Detroit Institute of Arts privatization plan would undermine both art and pensions

By Jerry White
13 December 2013

Although the details about the secret discussions involving the fate of the Detroit Institute of Arts remain sketchy, a federal mediator in the Detroit bankruptcy case is reportedly close to a deal that would privatize the DIA and end the century-long public ownership of the art museum and its world famous collection.

According to press reports, the directors of the DIA, to their shame, are going along with this travesty. In a press release Wednesday, the DIA applauded federal mediators “for initiating a positive conversation around the need to protect the museum collection and provide relief and revitalization for the City of Detroit and its citizens.”

The scheme being crafted by US Chief District Judge Gerald Rosen would reportedly involve wealthy private donors, including the Ford Foundation, paying the city $500 million—the amount Emergency Manager Kevyn Orr has demanded from the DIA to pay off creditors in the bankruptcy case. In return, the city would relinquish control of the DIA, which would be put under control of a non-profit organization.

The proposal is being presented as a “grand bargain,” which would raise money to pay the city’s pension obligations to retired municipal workers while protecting the artwork, which Orr has threatened to put up for sale. This line is particularly being pushed by the Detroit Free Press, which gushed, “The proposal would save the DIA’s irreplaceable treasures from creditors seeking billions of dollars from the bankrupt city. The goal is to ensure that the museum never again falls prey to the city’s financial woes or politics.”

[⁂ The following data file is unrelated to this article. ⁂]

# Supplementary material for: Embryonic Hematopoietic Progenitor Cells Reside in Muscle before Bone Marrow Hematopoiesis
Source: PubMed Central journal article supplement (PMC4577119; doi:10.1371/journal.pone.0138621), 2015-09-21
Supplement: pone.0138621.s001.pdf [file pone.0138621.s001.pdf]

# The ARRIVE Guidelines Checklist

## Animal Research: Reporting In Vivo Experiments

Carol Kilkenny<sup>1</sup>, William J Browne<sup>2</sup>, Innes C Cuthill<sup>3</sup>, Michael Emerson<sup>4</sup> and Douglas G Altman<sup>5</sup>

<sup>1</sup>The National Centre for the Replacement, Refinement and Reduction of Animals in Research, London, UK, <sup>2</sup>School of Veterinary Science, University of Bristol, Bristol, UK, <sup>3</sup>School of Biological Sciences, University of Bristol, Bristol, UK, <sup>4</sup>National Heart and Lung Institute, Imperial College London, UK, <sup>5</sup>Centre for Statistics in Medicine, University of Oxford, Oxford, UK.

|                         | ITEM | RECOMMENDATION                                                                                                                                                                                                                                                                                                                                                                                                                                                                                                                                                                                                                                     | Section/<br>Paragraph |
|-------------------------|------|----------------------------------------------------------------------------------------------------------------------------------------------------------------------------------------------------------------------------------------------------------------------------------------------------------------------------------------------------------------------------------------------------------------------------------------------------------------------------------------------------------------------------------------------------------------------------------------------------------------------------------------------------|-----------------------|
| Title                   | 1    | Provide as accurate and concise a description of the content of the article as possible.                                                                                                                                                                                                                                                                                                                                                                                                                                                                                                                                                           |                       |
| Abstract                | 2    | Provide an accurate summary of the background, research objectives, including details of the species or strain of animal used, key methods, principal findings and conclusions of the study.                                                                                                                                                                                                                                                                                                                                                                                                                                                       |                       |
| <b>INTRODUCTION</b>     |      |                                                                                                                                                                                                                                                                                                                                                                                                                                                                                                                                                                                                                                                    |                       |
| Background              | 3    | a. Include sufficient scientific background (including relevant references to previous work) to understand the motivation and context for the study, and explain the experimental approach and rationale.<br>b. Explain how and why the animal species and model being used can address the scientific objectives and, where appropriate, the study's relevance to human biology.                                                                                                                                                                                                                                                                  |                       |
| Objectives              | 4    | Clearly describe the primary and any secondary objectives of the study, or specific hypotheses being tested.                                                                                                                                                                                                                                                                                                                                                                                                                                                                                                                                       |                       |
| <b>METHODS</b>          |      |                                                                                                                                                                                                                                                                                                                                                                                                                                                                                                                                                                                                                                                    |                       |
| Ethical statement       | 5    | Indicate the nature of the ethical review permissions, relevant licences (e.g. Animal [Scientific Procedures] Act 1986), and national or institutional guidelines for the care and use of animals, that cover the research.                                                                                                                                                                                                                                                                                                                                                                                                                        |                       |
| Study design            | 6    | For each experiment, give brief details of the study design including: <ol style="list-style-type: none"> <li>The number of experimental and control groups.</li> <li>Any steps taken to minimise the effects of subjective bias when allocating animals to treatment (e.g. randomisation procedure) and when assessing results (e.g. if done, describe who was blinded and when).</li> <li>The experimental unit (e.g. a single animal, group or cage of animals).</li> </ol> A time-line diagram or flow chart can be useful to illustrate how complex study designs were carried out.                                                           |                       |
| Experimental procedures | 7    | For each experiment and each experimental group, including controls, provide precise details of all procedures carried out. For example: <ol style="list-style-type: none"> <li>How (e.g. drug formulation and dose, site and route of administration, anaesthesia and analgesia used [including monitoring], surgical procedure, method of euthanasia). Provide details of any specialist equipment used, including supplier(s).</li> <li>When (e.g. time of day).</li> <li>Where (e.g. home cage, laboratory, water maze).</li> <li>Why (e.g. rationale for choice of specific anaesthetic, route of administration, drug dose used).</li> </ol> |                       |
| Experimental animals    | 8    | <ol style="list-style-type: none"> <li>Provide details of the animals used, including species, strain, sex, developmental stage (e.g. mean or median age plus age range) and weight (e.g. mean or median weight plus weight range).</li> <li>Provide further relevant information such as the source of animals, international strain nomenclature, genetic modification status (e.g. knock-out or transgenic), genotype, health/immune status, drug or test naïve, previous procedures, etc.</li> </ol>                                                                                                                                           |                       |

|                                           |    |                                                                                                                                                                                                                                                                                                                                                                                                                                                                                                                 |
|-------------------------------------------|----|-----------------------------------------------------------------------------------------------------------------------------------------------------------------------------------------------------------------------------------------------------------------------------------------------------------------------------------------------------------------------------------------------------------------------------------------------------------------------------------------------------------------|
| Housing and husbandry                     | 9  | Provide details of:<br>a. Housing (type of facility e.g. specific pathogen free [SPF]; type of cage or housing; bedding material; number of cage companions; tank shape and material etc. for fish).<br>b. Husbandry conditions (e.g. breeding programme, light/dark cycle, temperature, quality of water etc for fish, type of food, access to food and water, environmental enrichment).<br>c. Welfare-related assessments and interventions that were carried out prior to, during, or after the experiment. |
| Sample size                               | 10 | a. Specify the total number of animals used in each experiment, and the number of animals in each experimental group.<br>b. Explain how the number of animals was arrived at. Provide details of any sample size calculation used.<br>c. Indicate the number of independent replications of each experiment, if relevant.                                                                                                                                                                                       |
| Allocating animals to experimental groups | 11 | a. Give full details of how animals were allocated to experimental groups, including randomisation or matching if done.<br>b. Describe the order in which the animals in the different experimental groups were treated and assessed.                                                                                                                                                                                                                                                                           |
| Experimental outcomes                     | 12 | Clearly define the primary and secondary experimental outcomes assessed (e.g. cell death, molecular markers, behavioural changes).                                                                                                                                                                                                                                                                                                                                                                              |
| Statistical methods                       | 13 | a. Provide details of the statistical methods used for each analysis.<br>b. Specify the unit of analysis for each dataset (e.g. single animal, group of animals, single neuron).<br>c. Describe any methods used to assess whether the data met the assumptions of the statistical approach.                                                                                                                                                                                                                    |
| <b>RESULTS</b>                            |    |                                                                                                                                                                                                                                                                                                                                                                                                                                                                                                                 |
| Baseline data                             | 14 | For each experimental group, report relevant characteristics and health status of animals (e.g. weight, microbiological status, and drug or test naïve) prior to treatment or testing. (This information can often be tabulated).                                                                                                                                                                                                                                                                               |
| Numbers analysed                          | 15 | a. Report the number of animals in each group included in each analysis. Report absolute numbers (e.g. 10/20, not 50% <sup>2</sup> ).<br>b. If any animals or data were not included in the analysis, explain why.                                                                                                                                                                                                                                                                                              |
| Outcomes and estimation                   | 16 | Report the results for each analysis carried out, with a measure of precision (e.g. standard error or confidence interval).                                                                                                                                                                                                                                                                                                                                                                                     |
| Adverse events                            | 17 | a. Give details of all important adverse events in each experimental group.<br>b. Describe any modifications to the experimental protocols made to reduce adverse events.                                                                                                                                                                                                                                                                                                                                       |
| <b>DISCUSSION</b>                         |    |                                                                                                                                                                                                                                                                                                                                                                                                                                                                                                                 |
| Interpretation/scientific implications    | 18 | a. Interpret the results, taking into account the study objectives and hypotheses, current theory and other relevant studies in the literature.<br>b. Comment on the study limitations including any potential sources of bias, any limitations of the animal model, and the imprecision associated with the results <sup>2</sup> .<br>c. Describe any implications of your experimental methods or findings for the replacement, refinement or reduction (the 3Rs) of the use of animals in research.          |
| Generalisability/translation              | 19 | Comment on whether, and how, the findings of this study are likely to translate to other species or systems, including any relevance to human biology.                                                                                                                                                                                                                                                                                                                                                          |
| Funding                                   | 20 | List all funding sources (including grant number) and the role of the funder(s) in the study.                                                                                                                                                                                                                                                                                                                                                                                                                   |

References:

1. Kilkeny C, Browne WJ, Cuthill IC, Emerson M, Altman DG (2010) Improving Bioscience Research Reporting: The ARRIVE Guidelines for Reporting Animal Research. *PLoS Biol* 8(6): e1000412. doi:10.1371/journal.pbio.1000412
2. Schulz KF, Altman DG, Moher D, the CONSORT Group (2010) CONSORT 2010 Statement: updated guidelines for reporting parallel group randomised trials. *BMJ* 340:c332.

In fact, any such agreement will protect neither pensions nor art.

The irreplaceable masterpieces would fall prey to the economic interests of the multi-millionaires who run these so-called charity foundations. In addition to the $11 billion Ford Foundation, they include the Kresge and Skillman foundations, which are deeply involved in the dismantling of public education and market-based school “reform.”

Although the “new non-profit DIA,” according to the Detroit Free Press, will allegedly be “separate from the control of either the city or the foundations,” in reality the museum would be totally dependent on wealthy private interests, which would more and more determine its direction.

The DIA, which is presently free to residents of a three-county area of Metropolitan Detroit, will likely raise funds by charging admission and higher special exhibit fees, making the museum increasingly inaccessible to broad numbers of working and middle class people and public school students.

The museum, which carries over its main entrance the inscribed message, “Dedicated by the People of Detroit to the Knowledge and Enjoyment of Art,” will have to tailor its operations—including the choice of exhibits and what and where it sends its art work—to making money with “blockbuster” exhibits or exclusive events designed for the nouveaux riches. No longer city-owned, there would be even less restrictions on leasing or outright selling of masterpieces to raise needed money.